so.and relentlesslyweird splendor. is likely to be arduouseverywhere. We can. whether we can be free of all bias. thatalternativeis of no mean impactat all.neither"essentialistic" nor " at least remindourselvesthata self-serving reverenceof modernityis bound to do no more anthropologicalgood than the orientalizingromanticizationof the primitive has already done. and that in its suitability-which is somethingelse besides either its effortlessnessor its adaptabilbut its moralweight in fact ratherthat the task of being and becoming modern is likely to be quite differentfrom one place to the next. ity-not simply its anthropological . in partbecauseof the endowmentsof those who pursue it. the convolutionsof international logistics thuspress an alreadyoperativeschizmogenesisnot simplytowardsentimentalbut also towardstylistic extremes. Nostalgia and its opposite are. Not everyone is at leisure to gamble with what he or she has."frequentlywielded as well. It is manifestsometimes in an antipopulistsnobbery. in the name of authenticityamong other things. a greatmany of them have surrendered to its seductionsall the same. however it might differ from place to the modem "alternative"is likely to be of little sociocultural impact." for thatmatterneither"epochalistic" (Geertz 1973:241) nor necessarily "developmentalistic"either. all the more hostile perhapsbecause both are in competitionfor the same sociocultural resources-in any event. The issue is not. in Greece or anywhereelse. I was in fact once told. certainlynot as an ideology. the symbolic isolationist and his or her "modernistic"altershow an almost compulsive scorn for one another. thatis perhapsbecause socioculturalresourcesand socioculturalspaces are indeed scarce. We cannotbe. As elsewhere. on the otherhand. perhaps. and hence thatmodernityitself is likely to be not one but many things. That surrender is manifest in the mannerismand the mimeticismof many of the accoutrementsand denizens of Athens' more chic quartiers. the Greek modem is somewheremore leisurely in between. sometimes in a "taste" for the folk.that "hegemony was pro-Westerism I was busily attempting just fine". however.13but instead. and moreabstractly. is. and whetheror not others of his same class cohort would be quite so convincedof hegemony's goodnesses. A decidedly unsettlingethnographic(and of course ethnocentric)condescension has on several occasions already resulted from making far too little of that arduousness."'Anti-Westernism. usually in the nameof an "escape from backwardness. in all its particularly unisolated. The also thatthe task of being and becoming modern. which has steadily climbed as more andmore money has been spent on Westerntrappingsand Westernluxuries. what might be spokenof perhapsnot as an ethos. by an up-and-comingrightist and newer middle politician whose undaunted to debunk.frantic.Neithernostalgicnor antinostalgic. too.It is manifestin the nationaldebt. The lesson is not that. perhapsnot to what the world once was but to what. The lesson. Not coincidentally. If a meeting of minds is unlikely. in is now. sentiments of duress.In Greeceat least.374 CULTURALANTHROPOLOGY issary of an enviable land whose bounties could be but dreamed. The issue is whetherand to what extent it mightbe plausiblethatthe "modernalternative"is suited. for the same sociocultural"space. a weapon frequently wieldedin thatinternalcontest. in Greece as perhapselsewhere. perhaps.

Kern's "rhe(andpro-Romanticism) appeared torical" portraitof a "cubist" modernity. most eloquently. 1956). for those exceptions. 1963). "Hellenizing" construalof modernity. cf. ed. Blumenberg'sargumentin The Legitimacyof the Modern Age is specifically directed against Karl Lowith's "medievalizing" and secularizationist readingof modernity(Lowith 1949.POSSIBLE MODERNITIES 375 Notes I would like to thankMia Fullerfor readingandcommentingupon sevAcknowledgments.I was affiliatedwith the Academy of Athens' Centerfor Researchon GreekSociety. the first (and still virtuallythe only) analysis of the historicizingcon- sciousness undertaken by an anthropologistis to be found in the closing chapterof The . 2Parsons is by far the most influential. Foucault 1970:218-220). For Blumenberg'sposition. 1946b:139-142. 3See. 7So far as I know. in particular.pace. Similarly. more precisely perhaps. I would like to thank the staffs of the Instituteof International Educationand of the American EducationalFoundationin Greece for proandadvice before. 6Seeespecially Fallers' essay in Old Societies and New States (1963:158-219). Pierre Riviere . See. Romantic. and would like to thankGrigorisGizelis.of the "Classical. see Habermas'firstvolume of The Theory of Communicative Action (1984:211-226).after Nietzsche (cf. Weber's position is to be found in the closing pages of The ProtestantEthic (1958:180-183). (Foucault. a manifestoof antimodernism in 1943. The Culture of Time and Space: 1880-1918 (1983). in which the politico-epistemics of reformismare given center stage. Compare Wolfgang Schluchter'sRise of WesternRationalism(1981). and Modern. Financial supportwas provided by the ITT International Fellowship Foundation. While vidingme with information there.Blumenberg(1983:137ff) and Weber (on disenchantment. andfor numerouschallengingandproductivediscussionsas well. 4Aparticularly starkportrait anddiscussionof characteristically modernpolitico-epistemic battlingmay be found in I. The most recent. 155. and singularlysubtle.ed. comparably. On the ideationaland attitudinallineamentsof modernity. but somewhat differently. has appeared in HaroldBloom's Agon (1982). see Foucault's "What is Enlightenment?"(1984). The observationsupon which this article is based were collected from October 1986 throughJune 1987. on the loss of the "ethically ordered" cosmos.Beyond the Foundation. eralearlierdraftsof this article. 1975). and more explicitly stated in Discipline and Punish (1979:105-131)." the collapse of which in any case allowed the "modernepisteme" to emerge (cf. Bourdieu(1972) and Rabinow (1975). 5Foucault spoke less of "the cosmos" than.andaftermy stay in the field.advice. . Blumenberg1983:27-35). See. precisely40 years later. Comparealso oped statement appearsas Structure Bendix's more particularistic "Traditionand ModernityReconsidered"(1967). Parsons'most develessays and Process in ModernSocieties (1960). Eva Kalpourtzi.Lerner(1958) and the several collected in Old Societies and New States (Geertz. 1946a:350-357). Foucault's position is quite elegantly suggested in the second part of The Order of Things (1970:217-221). I would especially like to thankPaul Rabinow. and patience as well. 'See Burckhardt (1954). Barzun'sClassic.and Iliana Andonakopoulou of the Centerfor theirconsiderableinformation.. see The Legitimacyof the Modern Age (1983:469ff). for similar readingsandcomments. during.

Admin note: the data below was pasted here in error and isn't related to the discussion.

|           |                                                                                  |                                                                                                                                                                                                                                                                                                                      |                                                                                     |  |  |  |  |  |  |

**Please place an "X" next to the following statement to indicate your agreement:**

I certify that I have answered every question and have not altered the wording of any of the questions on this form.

processualistview of the relationbetween culturalconceptions and temporalevents (cf. however. "Hereand in the pages thatfollow I use not Marx's notion of class but ratherBourdieu's. quasi-officialand unofficial rangedduringmy stay from between9 and 20%. there is very little doubt aboutthe CIA's facilitative role in bringingthe colonels to power.Comparative 1967 Tradition tory 9(2):292-347. modernity is not itself a "model of and model for" the managementof any particular practicalproblem whatever-not even the problem of foundations. Harold 1975 A Map of Misreading. Bendix.and beyond Blumenemergedandhas succeededin reproducing berg. . Similarly. Reinhard Studiesin Society andHisandModernityReconsidered. thoughit veers in its assertionthathistoryis a methodwithoutan object (1966:262) so far from ethnographic reality as to underminethe force of its largerargument. Among them. 1985:144ff) seems to me not to offer a very promisingapproachto an analysis of the conditions underwhich that consciousness has itself.Sahlins' more recent study (1985) has in fact almost nothing to say about the specifically historicizing consciousness. It seems to me. '2On American. 9Forthe periodbetween 1960 and 1966. Bloom. At most. either.g. See Bourdieu'sDistinction (1984:xi-xii). for example.and Modern. fully half of all industrial investments in Greececame from multinational In one-third of the industrial Greek 1970. scholarlyopinion (see..Jacques 1943 Classic. It is indeed much less appreciated to be.New York:Oxford UniversityPress." References Cited Barzun. Oxford:Oxford UniversityPress. corporations. 1983:94). '3Foucault (1984) indeed suggests that modernitybe substantivelyconstruedas an ethos. or status group. Among the Greek public. sectorwas still foreign. '?Thepoint has been made by several native scholarsas well. that modernity. whatevertheirpurposes. Romantic.conceived as I have been particularly conceiving it throughoutthis article as a personalcondition. would betterbe construed as imposingcertainphenomenologicalconstraintspreclusiveof the formationof certainethoses andfacilitativeof the formationof a varietyof others. and his continualist. HaroldBloom's "practicalpoetics. foreign. As for the rate of unemployment. at least in print.Chicago: Universityof Chicago Press. 328ff) and HaydnWhite (1973). particularly e.376 CULTURAL ANTHROPOLOGY than it ought Savage Mind (L6vi-Strauss1966:258ff). 83-105).involvementin the 1967junta. as the obvious enough differenceof ethos between such a modem as Kant and such a modem as Foucaultitself indicates.Veremis 1986:141-142) is generally cautious.Tsoukalas 1981:190ff.estimates official. seeA Map 8Ihave in mindparticularly of Misreading(1975:3-6. it imposes those limits withinwhich such models must. wrought-at least if they are to be "modern. In contrast. See Yannitsis(1986:256. itself a synthesis of Marx's notion and Weber's notion of the Stand. see Foucault(1970:217-221. see Tsoukalas (1983:38-39)." BeyondAgon. 1982 Agon: Towardsa Theoryof Revisionism.